Wednesday, July 19, 2006

The Multipolar Myth

In his Guardian article today, liberal internationalist Timothy Garton Ash takes a walk down a path well trodden by realists like Kenneth Waltz and Stephen Walt: claiming that multipolarity in the internatiol system is upon us. Garton Ash tries to out-Waltz Waltz, however, by claiming that multipolarity is already here. His evidence? In order, it appears to be as follows: the US is using its military to evacuate Americans from Lebanon, small groups with access to powerful technology can crash a plane into a building or aim a rocket at Haifa, US popularity in the world has declined and the US is using diplomacy with regards to Iran and North Korea.
The US possesses the mightiest military the world has ever seen, and how is it being used? To evacuate its citizens from Lebanon...

[...]Developments in technologies with violent potential mean that very small groups of people can challenge powerful established states, whether by piloting an aeroplane into the World Trade Centre in New York, targeting a missile at Haifa, taking on the US military in Iraq, bombing the London underground, or squirting sarin gas into the Tokyo subway.

[...]Developments in information technology and globalised media mean that the most powerful military in the history of the world can lose a war, not on the battlefield of dust and blood, but on the battlefield of world opinion. If you look at the precipitate decline in US popularity since 2002, charted by the Pew Global Attitudes polls even in countries traditionally sympathetic to Washington, you could argue that this is what has been happening to the US.

[...]North Korea test-fires missiles capable of carrying the nuclear warheads that it's already making? Washington says: come back to the six-party talks! Iran resumes uranium enrichment? Washington says: we're going to take you to the UN! Hizbullah launches missiles at Israel? Washington says: the hour of diplomacy has come!
Of course, none of this has any bearing on the actual balance of power in the international system. The military evacuating Americans from Lebanon a sign of multipolarity? How exactly? That people can take down a building or fire a rocket at another city has little bearing on the overall balance of power. The closest it comes to being relevant is to hint at the danger of WMD in the nads of terrorists. Nevertheless, this is a problem that most of the world, at least those that recognize it as a threat, still depdends on the US to solve. Even still, it's still questionable whether a chemical attack on an American city would really alter the international balance of power. It would certainly kill lots of people, and it would certainly create a great deal of panic, but alter the balance of power? Not really - the reason being that most of the other contenders for positions of power in a multipolar world (Europe, Russia, India) recognize that they are targets too. They'd have to spend more time preventing attacks on their homeland, leaving them little time to capitalize on America's chemical attack-induced weakness.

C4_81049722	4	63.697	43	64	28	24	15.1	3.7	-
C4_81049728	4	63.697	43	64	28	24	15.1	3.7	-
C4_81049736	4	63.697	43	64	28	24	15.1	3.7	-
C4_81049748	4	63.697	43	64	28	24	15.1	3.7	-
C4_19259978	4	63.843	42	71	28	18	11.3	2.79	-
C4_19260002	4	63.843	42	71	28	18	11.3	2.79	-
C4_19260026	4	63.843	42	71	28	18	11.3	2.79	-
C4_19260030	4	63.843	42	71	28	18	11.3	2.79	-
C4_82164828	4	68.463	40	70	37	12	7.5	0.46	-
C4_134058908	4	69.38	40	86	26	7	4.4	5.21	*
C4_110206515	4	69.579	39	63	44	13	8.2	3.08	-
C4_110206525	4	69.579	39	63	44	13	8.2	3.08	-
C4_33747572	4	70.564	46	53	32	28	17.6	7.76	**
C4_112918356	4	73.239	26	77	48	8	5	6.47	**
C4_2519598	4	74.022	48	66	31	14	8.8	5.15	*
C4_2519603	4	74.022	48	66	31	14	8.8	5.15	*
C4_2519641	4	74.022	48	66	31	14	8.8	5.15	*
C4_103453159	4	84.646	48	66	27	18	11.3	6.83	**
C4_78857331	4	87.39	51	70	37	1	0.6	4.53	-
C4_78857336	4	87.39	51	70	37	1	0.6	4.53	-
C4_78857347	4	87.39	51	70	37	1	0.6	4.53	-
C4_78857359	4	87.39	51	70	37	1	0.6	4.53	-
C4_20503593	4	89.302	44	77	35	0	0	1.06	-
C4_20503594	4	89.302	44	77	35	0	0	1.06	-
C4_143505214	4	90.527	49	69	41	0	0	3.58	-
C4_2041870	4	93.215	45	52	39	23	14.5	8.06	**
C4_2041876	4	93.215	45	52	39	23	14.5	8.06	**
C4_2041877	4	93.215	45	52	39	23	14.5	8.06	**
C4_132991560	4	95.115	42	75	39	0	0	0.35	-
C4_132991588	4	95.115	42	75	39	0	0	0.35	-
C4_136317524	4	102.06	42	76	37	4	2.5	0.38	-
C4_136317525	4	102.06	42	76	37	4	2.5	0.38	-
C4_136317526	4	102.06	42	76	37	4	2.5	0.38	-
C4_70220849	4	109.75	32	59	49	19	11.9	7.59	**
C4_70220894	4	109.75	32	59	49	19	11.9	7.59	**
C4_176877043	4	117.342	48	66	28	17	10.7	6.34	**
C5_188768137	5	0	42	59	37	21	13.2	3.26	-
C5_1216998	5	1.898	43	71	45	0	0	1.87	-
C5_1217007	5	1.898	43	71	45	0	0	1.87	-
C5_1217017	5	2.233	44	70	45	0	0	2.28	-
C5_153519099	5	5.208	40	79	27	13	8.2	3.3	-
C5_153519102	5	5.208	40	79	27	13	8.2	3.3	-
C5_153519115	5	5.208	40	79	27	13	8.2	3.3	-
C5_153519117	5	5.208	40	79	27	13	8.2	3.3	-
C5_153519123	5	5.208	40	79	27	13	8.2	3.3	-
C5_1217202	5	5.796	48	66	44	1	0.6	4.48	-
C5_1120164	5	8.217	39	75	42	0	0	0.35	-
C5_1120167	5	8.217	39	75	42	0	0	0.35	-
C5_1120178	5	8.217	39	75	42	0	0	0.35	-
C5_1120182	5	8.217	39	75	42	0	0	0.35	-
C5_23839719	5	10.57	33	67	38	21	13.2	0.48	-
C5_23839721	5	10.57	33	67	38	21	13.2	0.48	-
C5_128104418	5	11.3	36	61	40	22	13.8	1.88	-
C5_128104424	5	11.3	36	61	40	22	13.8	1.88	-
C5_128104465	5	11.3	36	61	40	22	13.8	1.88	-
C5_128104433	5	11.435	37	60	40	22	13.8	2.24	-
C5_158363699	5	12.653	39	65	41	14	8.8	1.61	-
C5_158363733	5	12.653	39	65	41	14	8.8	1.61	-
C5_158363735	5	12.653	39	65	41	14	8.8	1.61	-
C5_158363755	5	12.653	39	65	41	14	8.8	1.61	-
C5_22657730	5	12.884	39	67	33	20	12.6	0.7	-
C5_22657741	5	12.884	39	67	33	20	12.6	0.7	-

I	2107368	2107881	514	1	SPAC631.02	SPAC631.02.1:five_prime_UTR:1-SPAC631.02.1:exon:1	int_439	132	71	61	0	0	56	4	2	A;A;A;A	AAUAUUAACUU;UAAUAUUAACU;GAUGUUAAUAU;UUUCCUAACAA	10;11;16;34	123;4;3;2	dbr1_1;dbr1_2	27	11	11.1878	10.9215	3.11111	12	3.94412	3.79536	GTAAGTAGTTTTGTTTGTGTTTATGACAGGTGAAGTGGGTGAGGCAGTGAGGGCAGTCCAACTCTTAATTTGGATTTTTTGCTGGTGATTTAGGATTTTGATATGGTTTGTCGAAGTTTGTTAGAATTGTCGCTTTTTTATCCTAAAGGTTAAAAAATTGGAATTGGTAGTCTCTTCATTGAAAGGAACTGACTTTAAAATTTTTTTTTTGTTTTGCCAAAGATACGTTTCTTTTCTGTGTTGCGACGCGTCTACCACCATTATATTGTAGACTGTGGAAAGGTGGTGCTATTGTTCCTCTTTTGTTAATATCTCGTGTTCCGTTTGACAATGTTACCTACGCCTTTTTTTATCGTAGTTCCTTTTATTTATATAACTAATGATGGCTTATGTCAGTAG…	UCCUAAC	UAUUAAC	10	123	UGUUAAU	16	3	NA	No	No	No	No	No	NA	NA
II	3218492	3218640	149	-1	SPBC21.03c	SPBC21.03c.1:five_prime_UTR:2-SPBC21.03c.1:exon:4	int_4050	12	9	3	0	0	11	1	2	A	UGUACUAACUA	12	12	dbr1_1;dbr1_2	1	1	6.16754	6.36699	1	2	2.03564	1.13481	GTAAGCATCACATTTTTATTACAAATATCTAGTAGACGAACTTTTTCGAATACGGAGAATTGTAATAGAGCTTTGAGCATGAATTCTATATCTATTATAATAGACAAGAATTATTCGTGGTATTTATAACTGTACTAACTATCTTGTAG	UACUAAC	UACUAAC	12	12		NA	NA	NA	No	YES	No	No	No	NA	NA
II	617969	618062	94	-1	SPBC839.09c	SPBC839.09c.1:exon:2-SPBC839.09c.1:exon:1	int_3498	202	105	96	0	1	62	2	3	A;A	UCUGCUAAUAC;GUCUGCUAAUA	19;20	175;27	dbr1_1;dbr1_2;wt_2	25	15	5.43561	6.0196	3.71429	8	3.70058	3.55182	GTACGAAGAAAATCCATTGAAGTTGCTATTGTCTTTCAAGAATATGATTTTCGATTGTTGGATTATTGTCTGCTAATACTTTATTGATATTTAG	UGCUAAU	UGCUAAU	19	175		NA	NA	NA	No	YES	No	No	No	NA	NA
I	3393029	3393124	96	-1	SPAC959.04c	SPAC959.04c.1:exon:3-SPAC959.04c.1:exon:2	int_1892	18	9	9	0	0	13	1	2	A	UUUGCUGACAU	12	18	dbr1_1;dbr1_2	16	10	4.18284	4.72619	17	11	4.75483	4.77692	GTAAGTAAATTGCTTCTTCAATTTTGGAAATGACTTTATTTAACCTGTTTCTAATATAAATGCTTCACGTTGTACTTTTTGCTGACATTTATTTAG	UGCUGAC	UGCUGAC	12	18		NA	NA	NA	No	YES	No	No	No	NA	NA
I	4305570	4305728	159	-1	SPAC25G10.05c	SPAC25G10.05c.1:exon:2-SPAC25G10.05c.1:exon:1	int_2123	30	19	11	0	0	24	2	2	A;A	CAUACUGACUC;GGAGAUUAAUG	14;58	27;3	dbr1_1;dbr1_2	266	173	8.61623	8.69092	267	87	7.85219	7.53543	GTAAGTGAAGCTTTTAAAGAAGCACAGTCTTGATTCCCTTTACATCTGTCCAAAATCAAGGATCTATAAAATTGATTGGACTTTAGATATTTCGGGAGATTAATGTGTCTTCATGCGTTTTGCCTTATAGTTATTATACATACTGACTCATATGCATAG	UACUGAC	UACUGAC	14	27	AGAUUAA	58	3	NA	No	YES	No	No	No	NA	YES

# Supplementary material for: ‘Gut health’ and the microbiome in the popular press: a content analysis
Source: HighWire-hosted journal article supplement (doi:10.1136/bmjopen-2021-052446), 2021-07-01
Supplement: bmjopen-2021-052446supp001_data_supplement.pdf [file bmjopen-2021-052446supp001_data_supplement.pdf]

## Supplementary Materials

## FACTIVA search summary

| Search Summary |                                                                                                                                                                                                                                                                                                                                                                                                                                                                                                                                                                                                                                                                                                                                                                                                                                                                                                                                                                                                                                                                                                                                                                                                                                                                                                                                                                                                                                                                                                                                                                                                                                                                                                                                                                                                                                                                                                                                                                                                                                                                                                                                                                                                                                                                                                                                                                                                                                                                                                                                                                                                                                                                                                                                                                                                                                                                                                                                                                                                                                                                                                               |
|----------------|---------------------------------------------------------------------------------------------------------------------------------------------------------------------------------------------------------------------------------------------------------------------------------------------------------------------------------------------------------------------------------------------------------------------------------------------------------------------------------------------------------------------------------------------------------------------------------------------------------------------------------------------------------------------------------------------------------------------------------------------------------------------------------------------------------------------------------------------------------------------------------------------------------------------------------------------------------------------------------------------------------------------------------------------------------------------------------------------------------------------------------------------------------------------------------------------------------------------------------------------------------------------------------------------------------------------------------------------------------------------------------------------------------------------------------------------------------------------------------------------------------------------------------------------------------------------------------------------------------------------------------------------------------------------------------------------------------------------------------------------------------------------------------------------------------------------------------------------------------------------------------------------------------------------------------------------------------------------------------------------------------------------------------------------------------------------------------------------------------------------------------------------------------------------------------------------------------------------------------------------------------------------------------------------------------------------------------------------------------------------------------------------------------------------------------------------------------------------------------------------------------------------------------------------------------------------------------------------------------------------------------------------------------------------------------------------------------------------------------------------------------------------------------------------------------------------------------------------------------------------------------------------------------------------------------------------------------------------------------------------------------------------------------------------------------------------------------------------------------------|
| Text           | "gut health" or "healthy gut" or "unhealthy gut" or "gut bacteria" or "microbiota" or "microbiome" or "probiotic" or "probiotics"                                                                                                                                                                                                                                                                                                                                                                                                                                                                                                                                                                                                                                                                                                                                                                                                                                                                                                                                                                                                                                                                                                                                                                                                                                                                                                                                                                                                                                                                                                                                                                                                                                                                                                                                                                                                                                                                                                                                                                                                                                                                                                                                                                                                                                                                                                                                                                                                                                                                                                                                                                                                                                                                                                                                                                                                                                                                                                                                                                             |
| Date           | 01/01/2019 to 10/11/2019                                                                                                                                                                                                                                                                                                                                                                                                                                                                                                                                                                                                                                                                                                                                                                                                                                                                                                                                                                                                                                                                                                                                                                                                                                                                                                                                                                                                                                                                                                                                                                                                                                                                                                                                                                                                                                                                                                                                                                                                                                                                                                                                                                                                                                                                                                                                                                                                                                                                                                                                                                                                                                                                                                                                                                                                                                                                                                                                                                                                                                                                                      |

And of course, the Tokyo sarin-gas attack was more than a decade ago now, and 9/11 was 5 years ago. Garton Ash is obviously trying to prove that this new multipolarity is the result of Bush's reckless actions, so I don't know how Bush's policies as governor of Texas in 1995 in any way influenced an apocalyptic cult in Japan to release sarin gas in the Tokyo subway system. Finally, Garton Ash sees any hint of the use of diplomacy by the Bush administration as the result of its recognition that the world has moved from unipolarity to multipolarity on its watch. This is a rather silly notion.

First, and this admittedly may be something the administration took too long to figure out, a position of strength can often be shown through diplomacy as well as military action. Garton Ash points out that (because of our supposed weakness), we've called for North Korea to come back to six-party talks. What he doesn't mention is that North Korea didn't want six-party talks to resume, but we won out. What North Korea really wants is bilateral talks with just the United States. Why, you ask? Because it realizes that the US is the only country in the position (ie, with the power) to give North Korea what it wants. That the administration has refused to allow North Korea to have bilateral negotiations until it suspends its reprocessing/enrichment shows that the US still has the upper hand on that matter. Obviously this does not mean that the problem will be resolved anytime soon, but it does suggest that Garton Ash's claim that all diplomacy is indciative of multipolarity is a bit ridiculous. Even in diplomacy there are positions of strength to be had.

As much as Garton Ash, Jacques Chirac, Putin, Hu Jintao, Yevgeny Primakov or anyone else would like to see a multipolar world, simply saying it is so does not make it true. The United States continues to hold significant power in the economic, political and military realms. (To read more about this, the go-to person is William Wohlforth). There have been no serious attempts at balancing American power. The much ballyhooed "soft balancing," whereby other states that cannot meet America's "hard" military power attempt to frustrate American foreign policy on "soft power" issues, has been little more than a fantasy though up by realists unable to explain the lack of any serious attempt at balancing